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Thursday, March 24, 2011

Like Sachin, love the job

Cricket Star Breaks an 'Impossible' Record (Time)
Tendulkar's Latest Record Emphasizes His Greatness (IHT)
India's Sachin Tendulkar proves you can be a sporting icon without turning into a monster (Telegraph)
A once in a lifetime cricketer (Hindu)
The ODI Zenith (Indian Express)

Only Sachin was worthy of double ton milestone (TOI)

sachin tendulkar

Like Sachin, love the job
By G S Vasu
At one of the meetings I had with a group of associates, I asked if they loved watching a movie in a theatre. The response was a ‘yes’. Turning to the smokers, I asked if they loved every puff they took. ‘Yes’, they replied. The same was the response from those who loved every sip of whisky or beer. The young replied in the affirmative when asked if they loved dating their girlfriend (it is a different matter that they may hate her after marriage and find the girl next door more impressive).
On all these, they spend money — for cinema tickets, cigarettes, liquor and a cup of coffee or a favourite dish for the girlfriend. Then, I asked why they don’t love the work they do, though they get paid for it. The small gathering just remained silent.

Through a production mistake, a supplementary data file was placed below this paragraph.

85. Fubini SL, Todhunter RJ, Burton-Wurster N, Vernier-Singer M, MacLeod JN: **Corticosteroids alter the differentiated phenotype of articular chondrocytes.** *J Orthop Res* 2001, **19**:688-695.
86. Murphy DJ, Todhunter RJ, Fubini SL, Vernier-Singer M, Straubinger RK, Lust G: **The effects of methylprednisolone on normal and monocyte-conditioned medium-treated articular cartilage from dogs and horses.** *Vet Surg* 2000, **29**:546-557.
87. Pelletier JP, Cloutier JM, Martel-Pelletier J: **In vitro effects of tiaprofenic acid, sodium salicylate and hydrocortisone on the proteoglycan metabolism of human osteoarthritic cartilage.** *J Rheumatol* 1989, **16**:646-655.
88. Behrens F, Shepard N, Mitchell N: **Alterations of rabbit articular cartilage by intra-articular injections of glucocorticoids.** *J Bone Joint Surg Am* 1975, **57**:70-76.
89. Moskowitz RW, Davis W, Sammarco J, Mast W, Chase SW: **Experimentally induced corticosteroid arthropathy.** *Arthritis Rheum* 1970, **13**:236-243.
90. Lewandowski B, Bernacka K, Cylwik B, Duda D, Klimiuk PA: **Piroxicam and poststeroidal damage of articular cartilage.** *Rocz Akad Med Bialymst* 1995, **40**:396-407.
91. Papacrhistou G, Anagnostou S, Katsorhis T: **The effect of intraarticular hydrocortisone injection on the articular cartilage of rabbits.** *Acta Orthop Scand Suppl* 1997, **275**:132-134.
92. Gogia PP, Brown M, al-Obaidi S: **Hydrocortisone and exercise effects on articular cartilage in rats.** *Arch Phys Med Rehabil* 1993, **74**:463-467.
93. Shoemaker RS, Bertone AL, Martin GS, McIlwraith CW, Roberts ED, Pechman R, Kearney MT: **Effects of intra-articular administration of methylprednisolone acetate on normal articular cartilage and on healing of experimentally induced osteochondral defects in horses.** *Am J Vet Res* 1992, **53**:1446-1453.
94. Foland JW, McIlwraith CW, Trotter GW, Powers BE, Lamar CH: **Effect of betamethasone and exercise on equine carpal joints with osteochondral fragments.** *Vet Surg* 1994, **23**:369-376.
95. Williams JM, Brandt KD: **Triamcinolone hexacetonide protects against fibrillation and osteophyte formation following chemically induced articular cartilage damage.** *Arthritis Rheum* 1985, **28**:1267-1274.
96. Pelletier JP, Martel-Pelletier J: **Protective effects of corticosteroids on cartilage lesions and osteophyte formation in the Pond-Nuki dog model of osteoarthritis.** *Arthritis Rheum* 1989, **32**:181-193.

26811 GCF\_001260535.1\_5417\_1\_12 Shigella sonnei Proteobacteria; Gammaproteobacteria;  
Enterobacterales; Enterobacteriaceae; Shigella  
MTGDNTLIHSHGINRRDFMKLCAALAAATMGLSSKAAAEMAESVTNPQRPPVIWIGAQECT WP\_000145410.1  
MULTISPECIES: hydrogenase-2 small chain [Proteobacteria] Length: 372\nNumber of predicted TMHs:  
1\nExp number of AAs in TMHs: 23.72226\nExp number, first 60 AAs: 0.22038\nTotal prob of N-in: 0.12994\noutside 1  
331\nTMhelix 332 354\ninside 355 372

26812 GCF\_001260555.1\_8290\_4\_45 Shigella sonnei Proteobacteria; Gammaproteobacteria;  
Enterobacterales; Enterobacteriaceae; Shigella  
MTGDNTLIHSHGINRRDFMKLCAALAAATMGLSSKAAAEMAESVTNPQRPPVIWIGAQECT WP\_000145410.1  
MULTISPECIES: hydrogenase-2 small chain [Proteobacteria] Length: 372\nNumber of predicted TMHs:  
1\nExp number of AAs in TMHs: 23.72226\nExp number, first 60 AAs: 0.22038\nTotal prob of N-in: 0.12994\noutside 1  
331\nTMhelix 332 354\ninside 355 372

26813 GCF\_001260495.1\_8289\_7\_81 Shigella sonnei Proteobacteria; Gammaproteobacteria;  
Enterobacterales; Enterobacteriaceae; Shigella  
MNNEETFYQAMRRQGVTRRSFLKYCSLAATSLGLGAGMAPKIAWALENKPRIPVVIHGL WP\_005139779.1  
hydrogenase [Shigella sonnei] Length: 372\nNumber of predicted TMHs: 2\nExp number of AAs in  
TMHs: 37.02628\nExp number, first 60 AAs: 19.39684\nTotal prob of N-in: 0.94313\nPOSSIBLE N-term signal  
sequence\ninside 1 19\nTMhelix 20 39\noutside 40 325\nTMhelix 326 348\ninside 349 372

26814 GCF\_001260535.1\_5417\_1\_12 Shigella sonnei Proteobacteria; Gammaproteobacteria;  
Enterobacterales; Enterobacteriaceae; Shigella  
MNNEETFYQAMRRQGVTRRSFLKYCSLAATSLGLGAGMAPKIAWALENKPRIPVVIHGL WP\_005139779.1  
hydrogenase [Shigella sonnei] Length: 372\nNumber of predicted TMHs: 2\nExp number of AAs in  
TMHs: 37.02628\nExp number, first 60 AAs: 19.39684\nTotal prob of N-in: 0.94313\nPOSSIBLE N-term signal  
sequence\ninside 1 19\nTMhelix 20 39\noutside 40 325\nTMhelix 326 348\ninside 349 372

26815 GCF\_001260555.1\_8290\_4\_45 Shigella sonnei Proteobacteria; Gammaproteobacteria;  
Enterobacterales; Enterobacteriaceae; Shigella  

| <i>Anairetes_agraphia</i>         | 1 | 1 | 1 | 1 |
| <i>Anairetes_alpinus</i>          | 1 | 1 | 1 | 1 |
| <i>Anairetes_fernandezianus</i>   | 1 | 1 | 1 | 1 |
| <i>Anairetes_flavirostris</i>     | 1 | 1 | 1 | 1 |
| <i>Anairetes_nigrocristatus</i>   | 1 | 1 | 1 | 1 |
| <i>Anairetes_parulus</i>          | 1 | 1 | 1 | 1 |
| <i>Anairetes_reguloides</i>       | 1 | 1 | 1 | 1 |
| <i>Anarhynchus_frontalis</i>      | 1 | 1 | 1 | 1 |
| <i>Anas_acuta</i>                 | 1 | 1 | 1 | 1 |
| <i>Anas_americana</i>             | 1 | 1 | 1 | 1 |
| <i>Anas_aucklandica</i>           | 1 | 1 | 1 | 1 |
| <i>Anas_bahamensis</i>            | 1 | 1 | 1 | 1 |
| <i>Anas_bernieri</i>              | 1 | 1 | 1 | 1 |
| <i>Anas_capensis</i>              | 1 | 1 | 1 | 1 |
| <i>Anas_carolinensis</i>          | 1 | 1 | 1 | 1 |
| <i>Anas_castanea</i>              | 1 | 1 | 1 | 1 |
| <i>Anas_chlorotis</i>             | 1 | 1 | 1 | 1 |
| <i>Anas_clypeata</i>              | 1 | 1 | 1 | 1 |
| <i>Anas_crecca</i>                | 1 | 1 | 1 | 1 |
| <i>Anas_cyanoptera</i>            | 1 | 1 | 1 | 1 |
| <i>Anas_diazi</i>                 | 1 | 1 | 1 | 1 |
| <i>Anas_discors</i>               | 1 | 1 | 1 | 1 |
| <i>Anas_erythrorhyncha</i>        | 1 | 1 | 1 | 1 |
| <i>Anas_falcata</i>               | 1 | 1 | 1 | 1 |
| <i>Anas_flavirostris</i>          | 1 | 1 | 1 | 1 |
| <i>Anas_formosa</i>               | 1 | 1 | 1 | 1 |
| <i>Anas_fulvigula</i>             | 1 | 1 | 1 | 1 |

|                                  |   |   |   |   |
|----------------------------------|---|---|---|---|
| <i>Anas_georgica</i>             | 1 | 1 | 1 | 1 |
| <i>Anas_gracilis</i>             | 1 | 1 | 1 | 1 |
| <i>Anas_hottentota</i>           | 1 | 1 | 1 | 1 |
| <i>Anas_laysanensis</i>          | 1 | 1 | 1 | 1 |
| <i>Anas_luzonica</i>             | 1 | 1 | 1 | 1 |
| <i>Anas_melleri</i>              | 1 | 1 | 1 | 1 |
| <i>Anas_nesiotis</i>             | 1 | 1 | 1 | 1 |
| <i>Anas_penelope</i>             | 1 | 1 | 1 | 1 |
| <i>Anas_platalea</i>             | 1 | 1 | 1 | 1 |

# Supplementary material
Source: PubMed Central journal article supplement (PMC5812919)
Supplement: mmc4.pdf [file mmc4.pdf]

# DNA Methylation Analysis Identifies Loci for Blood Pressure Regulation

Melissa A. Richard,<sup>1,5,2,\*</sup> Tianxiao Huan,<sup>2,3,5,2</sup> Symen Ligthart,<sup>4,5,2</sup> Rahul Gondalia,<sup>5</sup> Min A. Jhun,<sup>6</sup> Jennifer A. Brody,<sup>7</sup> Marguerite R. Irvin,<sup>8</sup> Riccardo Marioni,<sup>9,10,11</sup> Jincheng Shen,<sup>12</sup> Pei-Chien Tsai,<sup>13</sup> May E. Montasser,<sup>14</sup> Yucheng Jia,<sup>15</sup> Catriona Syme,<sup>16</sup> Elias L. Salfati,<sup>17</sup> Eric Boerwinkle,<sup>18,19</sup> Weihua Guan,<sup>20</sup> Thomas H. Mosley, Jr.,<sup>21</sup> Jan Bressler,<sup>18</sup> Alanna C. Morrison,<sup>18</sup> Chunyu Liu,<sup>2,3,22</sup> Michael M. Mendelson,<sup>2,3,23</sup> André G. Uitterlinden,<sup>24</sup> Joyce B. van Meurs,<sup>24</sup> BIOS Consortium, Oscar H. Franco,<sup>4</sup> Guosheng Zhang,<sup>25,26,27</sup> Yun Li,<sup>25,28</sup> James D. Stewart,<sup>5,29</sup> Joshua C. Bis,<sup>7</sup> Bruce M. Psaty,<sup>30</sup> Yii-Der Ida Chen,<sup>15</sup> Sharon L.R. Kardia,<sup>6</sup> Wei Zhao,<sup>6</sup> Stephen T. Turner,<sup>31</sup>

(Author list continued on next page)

Many greats paid glowing tributes to Sachin Ramesh Tendulkar on his completing 20 years of international cricket, but the one fundamental reason that has kept him going for two decades is the simple fact that he loves doing what he does, an aspect the legend himself has emphasised more than once. Being just one among his millions of fans, I am not qualified to write about his exploits on the field, but I began wondering how a case-study of his success, rather his traits, applied to almost every organisation or company — those that do exceedingly well and emerge leaders, those that keep trying to do better but never manage to reach the goal and those that just fall apart.
How many of us actually love what we do at the work place? Many don’t, whether they admit it or not. It could be true of a carpenter, a journalist, a manager or a marketing person. But the fact is most of us spend 70 per cent of our active life at work and if we don’t enjoy that time, life itself becomes meaningless. Making employees love what they are supposed to do is the key to the success of any organisation. Otherwise, it is like a husband and wife living together (for a variety of reasons) but not exactly loving each other. Just as my boss makes it a point to emphasise that in respect of journalists, there is no alternative to good writing. But it is possible only when one does it with passion.